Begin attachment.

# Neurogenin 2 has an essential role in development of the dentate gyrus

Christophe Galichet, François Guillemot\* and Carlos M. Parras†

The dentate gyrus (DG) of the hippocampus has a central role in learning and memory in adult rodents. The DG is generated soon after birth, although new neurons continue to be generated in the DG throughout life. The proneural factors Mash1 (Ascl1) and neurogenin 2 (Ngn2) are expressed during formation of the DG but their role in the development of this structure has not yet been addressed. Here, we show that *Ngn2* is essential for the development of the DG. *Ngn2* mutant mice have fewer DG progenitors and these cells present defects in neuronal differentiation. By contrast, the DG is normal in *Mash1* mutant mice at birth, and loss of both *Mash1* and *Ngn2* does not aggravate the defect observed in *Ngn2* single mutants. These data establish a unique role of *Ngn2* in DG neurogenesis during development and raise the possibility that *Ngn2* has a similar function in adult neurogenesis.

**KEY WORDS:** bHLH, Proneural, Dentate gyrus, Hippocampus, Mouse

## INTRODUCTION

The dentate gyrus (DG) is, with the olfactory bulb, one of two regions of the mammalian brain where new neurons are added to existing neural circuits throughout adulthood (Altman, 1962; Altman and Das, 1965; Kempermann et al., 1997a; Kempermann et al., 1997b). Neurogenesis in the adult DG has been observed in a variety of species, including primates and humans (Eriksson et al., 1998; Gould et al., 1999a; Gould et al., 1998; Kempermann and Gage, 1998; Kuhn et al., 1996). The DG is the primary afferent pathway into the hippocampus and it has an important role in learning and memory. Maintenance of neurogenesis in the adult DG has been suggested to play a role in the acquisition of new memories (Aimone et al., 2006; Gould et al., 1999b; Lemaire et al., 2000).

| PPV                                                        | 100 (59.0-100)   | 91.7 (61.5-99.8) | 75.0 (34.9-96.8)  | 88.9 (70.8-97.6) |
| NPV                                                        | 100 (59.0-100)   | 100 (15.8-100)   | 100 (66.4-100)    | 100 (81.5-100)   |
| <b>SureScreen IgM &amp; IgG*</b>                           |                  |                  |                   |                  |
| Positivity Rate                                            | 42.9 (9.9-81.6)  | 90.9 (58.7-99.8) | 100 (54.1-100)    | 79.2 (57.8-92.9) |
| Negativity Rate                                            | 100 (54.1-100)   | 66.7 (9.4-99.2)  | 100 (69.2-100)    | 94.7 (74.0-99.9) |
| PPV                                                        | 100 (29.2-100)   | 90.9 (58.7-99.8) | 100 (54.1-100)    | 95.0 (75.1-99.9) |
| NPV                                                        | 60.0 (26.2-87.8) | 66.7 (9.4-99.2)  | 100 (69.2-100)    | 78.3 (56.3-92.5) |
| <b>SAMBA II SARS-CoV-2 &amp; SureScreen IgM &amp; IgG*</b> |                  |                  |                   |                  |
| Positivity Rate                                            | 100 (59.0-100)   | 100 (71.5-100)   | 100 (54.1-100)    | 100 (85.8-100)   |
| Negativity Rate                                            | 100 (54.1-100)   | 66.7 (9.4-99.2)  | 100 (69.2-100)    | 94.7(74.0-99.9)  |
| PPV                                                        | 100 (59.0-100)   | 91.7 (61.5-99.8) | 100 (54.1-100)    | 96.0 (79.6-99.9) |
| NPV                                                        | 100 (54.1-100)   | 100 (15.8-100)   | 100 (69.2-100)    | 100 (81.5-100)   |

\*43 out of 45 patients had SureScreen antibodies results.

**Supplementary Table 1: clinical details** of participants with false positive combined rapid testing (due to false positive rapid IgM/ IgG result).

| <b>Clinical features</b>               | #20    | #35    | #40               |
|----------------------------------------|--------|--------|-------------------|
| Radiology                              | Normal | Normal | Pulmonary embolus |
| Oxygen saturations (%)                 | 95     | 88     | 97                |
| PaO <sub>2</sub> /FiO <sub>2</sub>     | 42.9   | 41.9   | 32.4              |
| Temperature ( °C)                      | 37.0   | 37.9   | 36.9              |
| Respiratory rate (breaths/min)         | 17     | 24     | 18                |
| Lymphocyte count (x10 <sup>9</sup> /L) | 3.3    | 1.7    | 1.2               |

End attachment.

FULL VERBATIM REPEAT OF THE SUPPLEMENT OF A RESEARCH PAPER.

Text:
# Neurogenin 2 has an essential role in development of the dentate gyrus

Christophe Galichet, François Guillemot\* and Carlos M. Parras†

The dentate gyrus (DG) of the hippocampus has a central role in learning and memory in adult rodents. The DG is generated soon after birth, although new neurons continue to be generated in the DG throughout life. The proneural factors Mash1 (Ascl1) and neurogenin 2 (Ngn2) are expressed during formation of the DG but their role in the development of this structure has not yet been addressed. Here, we show that *Ngn2* is essential for the development of the DG. *Ngn2* mutant mice have fewer DG progenitors and these cells present defects in neuronal differentiation. By contrast, the DG is normal in *Mash1* mutant mice at birth, and loss of both *Mash1* and *Ngn2* does not aggravate the defect observed in *Ngn2* single mutants. These data establish a unique role of *Ngn2* in DG neurogenesis during development and raise the possibility that *Ngn2* has a similar function in adult neurogenesis.

**KEY WORDS:** bHLH, Proneural, Dentate gyrus, Hippocampus, Mouse

## INTRODUCTION

The dentate gyrus (DG) is, with the olfactory bulb, one of two regions of the mammalian brain where new neurons are added to existing neural circuits throughout adulthood (Altman, 1962; Altman and Das, 1965; Kempermann et al., 1997a; Kempermann et al., 1997b). Neurogenesis in the adult DG has been observed in a variety of species, including primates and humans (Eriksson et al., 1998; Gould et al., 1999a; Gould et al., 1998; Kempermann and Gage, 1998; Kuhn et al., 1996). The DG is the primary afferent pathway into the hippocampus and it has an important role in learning and memory. Maintenance of neurogenesis in the adult DG has been suggested to play a role in the acquisition of new memories (Aimone et al., 2006; Gould et al., 1999b; Lemaire et al., 2000).

| PPV                                                        | 100 (59.0-100)   | 91.7 (61.5-99.8) | 75.0 (34.9-96.8)  | 88.9 (70.8-97.6) |
| NPV                                                        | 100 (59.0-100)   | 100 (15.8-100)   | 100 (66.4-100)    | 100 (81.5-100)   |
| <b>SureScreen IgM &amp; IgG*</b>                           |                  |                  |                   |                  |
| Positivity Rate                                            | 42.9 (9.9-81.6)  | 90.9 (58.7-99.8) | 100 (54.1-100)    | 79.2 (57.8-92.9) |
| Negativity Rate                                            | 100 (54.1-100)   | 66.7 (9.4-99.2)  | 100 (69.2-100)    | 94.7 (74.0-99.9) |
| PPV                                                        | 100 (29.2-100)   | 90.9 (58.7-99.8) | 100 (54.1-100)    | 95.0 (75.1-99.9) |
| NPV                                                        | 60.0 (26.2-87.8) | 66.7 (9.4-99.2)  | 100 (69.2-100)    | 78.3 (56.3-92.5) |
| <b>SAMBA II SARS-CoV-2 &amp; SureScreen IgM &amp; IgG*</b> |                  |                  |                   |                  |
| Positivity Rate                                            | 100 (59.0-100)   | 100 (71.5-100)   | 100 (54.1-100)    | 100 (85.8-100)   |
| Negativity Rate                                            | 100 (54.1-100)   | 66.7 (9.4-99.2)  | 100 (69.2-100)    | 94.7(74.0-99.9)  |
| PPV                                                        | 100 (59.0-100)   | 91.7 (61.5-99.8) | 100 (54.1-100)    | 96.0 (79.6-99.9) |
| NPV                                                        | 100 (54.1-100)   | 100 (15.8-100)   | 100 (69.2-100)    | 100 (81.5-100)   |

\*43 out of 45 patients had SureScreen antibodies results.

**Supplementary Table 1: clinical details** of participants with false positive combined rapid testing (due to false positive rapid IgM/ IgG result).

| <b>Clinical features</b>               | #20    | #35    | #40               |
|----------------------------------------|--------|--------|-------------------|
| Radiology                              | Normal | Normal | Pulmonary embolus |
| Oxygen saturations (%)                 | 95     | 88     | 97                |
| PaO <sub>2</sub> /FiO <sub>2</sub>     | 42.9   | 41.9   | 32.4              |
| Temperature ( °C)                      | 37.0   | 37.9   | 36.9              |
| Respiratory rate (breaths/min)         | 17     | 24     | 18                |
| Lymphocyte count (x10 <sup>9</sup> /L) | 3.3    | 1.7    | 1.2               |